Garbáty's abandoned cigarette factory

Filed 24/7/2010 | Updated 15/1/2012
Looking for the abandoned Iraqi embassy a few weeks back, we came across an abandoned cigarette factory. As you do. There's shit abandoned all over this city.
We stood at the gate, peering in - myself, Jenny and Franzi (every German girl has a best friend called Franzi) - wondering whether to go in or not. My enthusiasm was dampened by the undoubted dearth of Saddam Hussein memorabilia but eventually I couldn't resist. Who knew what stories waited to be told? Lass uns gehen!
Little did I know I'd stumble on a story of Nazi persecution, East German indifference, and shameful greed leading to the systematic destruction of a family enterprise.
The Garbáty cigarette factory in Pankow isn't actually abandoned anymore, but being converted to apartments. They can't leave anything alone. A glut of diggers, construction paraphernalia and scaffolding scattered around, evidence of the poor building's fate.
We squeezed in through the loosely-locked gate, made our way to the side where I pushed open a carelessly-secured barrier and we were in!
Up the steps to where a huge expansive room greeted us, a hall well lit through a thousand sunny windows, bereft of any furnishings or curiosities. It seems were were too late: Industrial without the industry. I left the girls and went up to the next floor where I found more of the same, and on each floor as I made my way up. Brick walls, pillars, smooth clean floors and disconcertingly clear windows providing no clues of a turbulent past. Nothing to be found, nothing to be seen, nichts.
Josef Garbáty-Rosenthal began producing tobacco products with his wife Rosa Rahel at home in 1879, opening a factory on Schönhauser Allee two years later, and then moving to a more suitable facility on Berlinerstraße in Pankow in 1906.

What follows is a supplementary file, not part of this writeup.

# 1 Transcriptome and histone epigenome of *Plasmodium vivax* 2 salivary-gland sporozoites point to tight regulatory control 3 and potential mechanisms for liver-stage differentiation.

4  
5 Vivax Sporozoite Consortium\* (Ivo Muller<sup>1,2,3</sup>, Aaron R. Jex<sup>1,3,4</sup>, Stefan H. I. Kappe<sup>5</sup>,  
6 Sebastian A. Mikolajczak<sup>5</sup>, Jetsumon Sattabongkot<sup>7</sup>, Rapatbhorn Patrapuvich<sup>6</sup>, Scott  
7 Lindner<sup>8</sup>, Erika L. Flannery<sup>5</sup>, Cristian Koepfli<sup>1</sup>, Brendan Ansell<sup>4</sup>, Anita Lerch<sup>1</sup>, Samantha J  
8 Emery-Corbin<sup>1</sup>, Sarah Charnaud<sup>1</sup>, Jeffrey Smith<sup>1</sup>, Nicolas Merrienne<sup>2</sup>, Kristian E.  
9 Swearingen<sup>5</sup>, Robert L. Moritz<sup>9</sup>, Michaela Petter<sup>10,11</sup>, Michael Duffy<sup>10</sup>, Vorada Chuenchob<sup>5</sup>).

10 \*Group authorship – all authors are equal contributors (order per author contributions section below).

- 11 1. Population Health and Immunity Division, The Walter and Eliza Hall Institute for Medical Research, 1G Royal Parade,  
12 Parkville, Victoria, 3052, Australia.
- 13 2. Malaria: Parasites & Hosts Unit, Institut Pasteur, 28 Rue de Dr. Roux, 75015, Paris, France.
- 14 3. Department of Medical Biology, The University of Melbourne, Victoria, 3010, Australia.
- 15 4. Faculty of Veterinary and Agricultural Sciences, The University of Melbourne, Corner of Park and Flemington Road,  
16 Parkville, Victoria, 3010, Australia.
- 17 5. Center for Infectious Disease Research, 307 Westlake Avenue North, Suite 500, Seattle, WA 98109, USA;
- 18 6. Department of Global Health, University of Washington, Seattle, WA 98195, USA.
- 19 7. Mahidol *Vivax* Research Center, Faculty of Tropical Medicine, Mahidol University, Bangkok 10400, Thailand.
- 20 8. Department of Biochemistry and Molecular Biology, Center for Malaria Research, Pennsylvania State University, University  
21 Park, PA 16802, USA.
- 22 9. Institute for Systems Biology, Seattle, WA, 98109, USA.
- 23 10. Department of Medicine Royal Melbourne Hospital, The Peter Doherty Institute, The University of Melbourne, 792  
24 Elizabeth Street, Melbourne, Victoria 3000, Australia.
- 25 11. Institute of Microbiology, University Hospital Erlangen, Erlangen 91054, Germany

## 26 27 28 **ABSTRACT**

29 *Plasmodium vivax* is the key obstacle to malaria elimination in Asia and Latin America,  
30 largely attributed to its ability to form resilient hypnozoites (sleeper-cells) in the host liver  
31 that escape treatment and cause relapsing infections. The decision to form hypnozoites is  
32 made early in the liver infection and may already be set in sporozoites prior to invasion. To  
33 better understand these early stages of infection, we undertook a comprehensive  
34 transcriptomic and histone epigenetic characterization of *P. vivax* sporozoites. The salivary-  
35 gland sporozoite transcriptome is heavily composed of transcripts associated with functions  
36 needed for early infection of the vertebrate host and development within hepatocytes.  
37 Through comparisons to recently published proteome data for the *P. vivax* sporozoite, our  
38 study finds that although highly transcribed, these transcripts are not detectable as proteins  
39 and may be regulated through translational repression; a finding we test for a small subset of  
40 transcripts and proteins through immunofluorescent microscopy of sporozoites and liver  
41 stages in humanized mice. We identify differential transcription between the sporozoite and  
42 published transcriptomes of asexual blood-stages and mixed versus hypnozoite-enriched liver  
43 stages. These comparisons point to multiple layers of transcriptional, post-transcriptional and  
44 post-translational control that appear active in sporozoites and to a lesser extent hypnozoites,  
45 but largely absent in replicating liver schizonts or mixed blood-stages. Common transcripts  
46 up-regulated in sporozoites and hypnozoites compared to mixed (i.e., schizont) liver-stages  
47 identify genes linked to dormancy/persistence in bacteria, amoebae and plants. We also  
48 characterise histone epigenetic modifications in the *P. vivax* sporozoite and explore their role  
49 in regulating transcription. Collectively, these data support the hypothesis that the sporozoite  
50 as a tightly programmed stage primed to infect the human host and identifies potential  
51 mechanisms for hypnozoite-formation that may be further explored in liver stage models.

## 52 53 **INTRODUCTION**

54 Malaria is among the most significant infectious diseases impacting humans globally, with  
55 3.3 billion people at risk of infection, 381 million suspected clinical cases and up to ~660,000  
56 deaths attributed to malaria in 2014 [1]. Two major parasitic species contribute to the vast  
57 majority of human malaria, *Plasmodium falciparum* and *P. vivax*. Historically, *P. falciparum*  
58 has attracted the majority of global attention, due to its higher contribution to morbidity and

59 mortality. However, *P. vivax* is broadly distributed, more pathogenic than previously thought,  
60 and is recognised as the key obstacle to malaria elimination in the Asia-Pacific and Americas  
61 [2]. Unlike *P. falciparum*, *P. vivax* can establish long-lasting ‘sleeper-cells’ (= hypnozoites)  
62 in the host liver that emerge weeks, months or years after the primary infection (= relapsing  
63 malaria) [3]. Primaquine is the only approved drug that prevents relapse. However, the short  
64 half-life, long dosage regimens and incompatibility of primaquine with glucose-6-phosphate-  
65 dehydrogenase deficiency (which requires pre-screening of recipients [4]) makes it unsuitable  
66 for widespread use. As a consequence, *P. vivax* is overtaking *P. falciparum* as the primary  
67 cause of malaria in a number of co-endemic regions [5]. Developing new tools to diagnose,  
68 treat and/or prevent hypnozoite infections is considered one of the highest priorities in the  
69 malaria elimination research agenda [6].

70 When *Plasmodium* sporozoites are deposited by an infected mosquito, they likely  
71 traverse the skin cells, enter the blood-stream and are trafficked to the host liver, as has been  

He had 800 employees the next year, with both the Kurmark and Königen von Saba brands proving very popular, according to Beate Meyer in Jews in Nazi Berlin. Josef transferred the company to his sons Eugen and Moritz in 1929, and the former sold his 50 per cent share to the big-shot Reemtsma brand which controlled more than 60 per cent of the market at the time.
Following the Nazis rise to power in 1933, Der Stürmer, repeatedly denounced Kurmark cigarettes as a "Jewish product", before the Nazi newspaper proclaimed: "The Garbáty cigarette factory is a purely Jewish firm." Moritz Garbáty received threatening letters, and was then accused of smuggling foreign currency. Cue a dreaded Gestapo investigation.
Minister Hermann Göring reduced Garbáty's import quota by ten per cent in January 1939. Competitors jumped on the bandwagon, breaking the company's regular supply to customers. Turnover practically halved between 1937 and 1938.
Moritz Garbáty saw no option but to sell the firm, and his lawyer opened negotiations with interested Aryan parties. Dr. Jakob Koerfer's consortium included Emil Georg von Stauss, prominent Nazi supporter and director of Deutsche Bank with excellent connections, including Göring himself. It was simply a matter of how little the Garbáty family would get.